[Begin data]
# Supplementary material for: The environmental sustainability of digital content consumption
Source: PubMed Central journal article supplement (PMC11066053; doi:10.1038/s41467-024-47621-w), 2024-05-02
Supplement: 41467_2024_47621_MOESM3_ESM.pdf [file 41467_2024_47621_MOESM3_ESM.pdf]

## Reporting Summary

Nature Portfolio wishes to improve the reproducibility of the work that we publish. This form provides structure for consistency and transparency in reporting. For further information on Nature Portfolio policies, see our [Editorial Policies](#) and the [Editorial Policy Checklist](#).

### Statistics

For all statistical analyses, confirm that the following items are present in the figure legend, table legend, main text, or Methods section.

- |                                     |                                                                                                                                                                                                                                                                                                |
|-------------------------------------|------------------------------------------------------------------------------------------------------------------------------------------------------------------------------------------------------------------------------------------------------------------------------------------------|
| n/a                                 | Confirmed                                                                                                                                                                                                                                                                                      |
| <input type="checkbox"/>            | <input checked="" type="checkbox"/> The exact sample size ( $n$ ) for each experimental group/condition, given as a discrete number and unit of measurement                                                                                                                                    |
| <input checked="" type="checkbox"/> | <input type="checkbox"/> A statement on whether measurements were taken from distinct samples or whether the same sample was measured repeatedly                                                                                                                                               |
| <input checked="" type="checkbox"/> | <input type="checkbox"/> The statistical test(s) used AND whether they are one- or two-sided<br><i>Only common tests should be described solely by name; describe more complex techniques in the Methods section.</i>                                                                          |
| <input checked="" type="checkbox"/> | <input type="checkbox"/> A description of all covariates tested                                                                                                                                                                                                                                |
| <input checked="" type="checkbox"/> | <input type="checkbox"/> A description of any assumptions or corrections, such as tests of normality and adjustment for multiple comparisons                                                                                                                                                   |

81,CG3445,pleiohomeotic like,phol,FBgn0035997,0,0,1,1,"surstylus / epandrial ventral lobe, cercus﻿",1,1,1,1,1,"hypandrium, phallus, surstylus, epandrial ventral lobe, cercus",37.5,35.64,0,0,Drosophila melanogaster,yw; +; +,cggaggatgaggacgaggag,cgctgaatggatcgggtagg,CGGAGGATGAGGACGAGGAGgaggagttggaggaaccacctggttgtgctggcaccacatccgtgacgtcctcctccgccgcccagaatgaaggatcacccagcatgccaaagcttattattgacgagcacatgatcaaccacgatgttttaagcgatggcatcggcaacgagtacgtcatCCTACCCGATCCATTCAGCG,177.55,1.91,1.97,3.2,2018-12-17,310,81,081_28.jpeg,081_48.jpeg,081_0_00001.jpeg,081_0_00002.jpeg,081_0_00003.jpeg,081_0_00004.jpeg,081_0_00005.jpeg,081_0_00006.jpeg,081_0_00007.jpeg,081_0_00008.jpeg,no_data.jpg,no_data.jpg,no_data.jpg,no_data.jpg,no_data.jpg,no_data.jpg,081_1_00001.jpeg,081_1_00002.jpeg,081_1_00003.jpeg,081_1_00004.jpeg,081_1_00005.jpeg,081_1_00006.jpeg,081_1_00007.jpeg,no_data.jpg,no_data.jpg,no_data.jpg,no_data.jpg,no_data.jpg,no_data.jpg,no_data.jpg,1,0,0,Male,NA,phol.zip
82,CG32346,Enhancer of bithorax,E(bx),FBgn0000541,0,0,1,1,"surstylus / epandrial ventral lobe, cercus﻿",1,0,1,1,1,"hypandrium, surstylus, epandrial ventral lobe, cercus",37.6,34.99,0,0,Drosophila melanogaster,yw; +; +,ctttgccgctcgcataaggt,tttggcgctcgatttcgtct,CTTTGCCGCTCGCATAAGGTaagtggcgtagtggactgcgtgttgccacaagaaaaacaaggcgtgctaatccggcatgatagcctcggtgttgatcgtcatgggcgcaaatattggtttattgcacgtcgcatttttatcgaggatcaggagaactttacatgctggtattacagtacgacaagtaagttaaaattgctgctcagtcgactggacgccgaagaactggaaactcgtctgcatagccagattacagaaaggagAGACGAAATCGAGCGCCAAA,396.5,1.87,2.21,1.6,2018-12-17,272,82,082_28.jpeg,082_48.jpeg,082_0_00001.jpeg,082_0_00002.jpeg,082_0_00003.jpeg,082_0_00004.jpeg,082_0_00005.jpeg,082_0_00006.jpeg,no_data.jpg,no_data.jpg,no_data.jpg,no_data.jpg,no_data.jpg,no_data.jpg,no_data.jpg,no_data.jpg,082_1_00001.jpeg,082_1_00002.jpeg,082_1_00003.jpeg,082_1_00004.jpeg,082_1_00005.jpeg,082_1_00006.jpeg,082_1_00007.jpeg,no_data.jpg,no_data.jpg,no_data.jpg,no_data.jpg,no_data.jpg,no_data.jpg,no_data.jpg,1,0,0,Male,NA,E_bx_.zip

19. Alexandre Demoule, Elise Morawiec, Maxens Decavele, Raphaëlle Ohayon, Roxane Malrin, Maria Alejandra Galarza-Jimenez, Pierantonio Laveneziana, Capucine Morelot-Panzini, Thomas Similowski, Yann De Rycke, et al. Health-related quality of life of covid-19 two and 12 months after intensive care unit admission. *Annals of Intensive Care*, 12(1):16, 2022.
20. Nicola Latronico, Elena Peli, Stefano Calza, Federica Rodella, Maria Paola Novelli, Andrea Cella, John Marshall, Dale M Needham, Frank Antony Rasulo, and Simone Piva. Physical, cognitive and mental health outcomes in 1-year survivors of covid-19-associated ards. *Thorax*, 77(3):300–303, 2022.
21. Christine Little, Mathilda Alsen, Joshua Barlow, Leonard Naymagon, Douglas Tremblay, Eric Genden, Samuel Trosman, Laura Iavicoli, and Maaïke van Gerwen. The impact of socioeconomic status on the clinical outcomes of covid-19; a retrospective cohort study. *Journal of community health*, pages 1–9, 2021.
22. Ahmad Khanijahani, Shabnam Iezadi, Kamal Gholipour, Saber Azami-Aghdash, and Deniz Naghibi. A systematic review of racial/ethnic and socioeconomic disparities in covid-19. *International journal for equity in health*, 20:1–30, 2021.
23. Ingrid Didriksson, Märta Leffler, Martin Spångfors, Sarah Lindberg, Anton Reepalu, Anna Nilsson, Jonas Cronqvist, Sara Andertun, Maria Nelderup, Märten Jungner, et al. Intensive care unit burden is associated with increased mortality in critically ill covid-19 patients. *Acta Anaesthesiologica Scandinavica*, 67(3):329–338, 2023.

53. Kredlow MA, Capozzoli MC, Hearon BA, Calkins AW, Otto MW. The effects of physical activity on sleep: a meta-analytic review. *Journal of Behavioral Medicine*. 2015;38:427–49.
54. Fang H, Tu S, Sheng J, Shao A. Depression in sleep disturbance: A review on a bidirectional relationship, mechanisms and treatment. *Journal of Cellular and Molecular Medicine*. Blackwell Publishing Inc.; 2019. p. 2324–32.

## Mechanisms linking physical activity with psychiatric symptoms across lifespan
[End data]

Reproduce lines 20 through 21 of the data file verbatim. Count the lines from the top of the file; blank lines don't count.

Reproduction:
21. Christine Little, Mathilda Alsen, Joshua Barlow, Leonard Naymagon, Douglas Tremblay, Eric Genden, Samuel Trosman, Laura Iavicoli, and Maaïke van Gerwen. The impact of socioeconomic status on the clinical outcomes of covid-19; a retrospective cohort study. *Journal of community health*, pages 1–9, 2021.
22. Ahmad Khanijahani, Shabnam Iezadi, Kamal Gholipour, Saber Azami-Aghdash, and Deniz Naghibi. A systematic review of racial/ethnic and socioeconomic disparities in covid-19. *International journal for equity in health*, 20:1–30, 2021.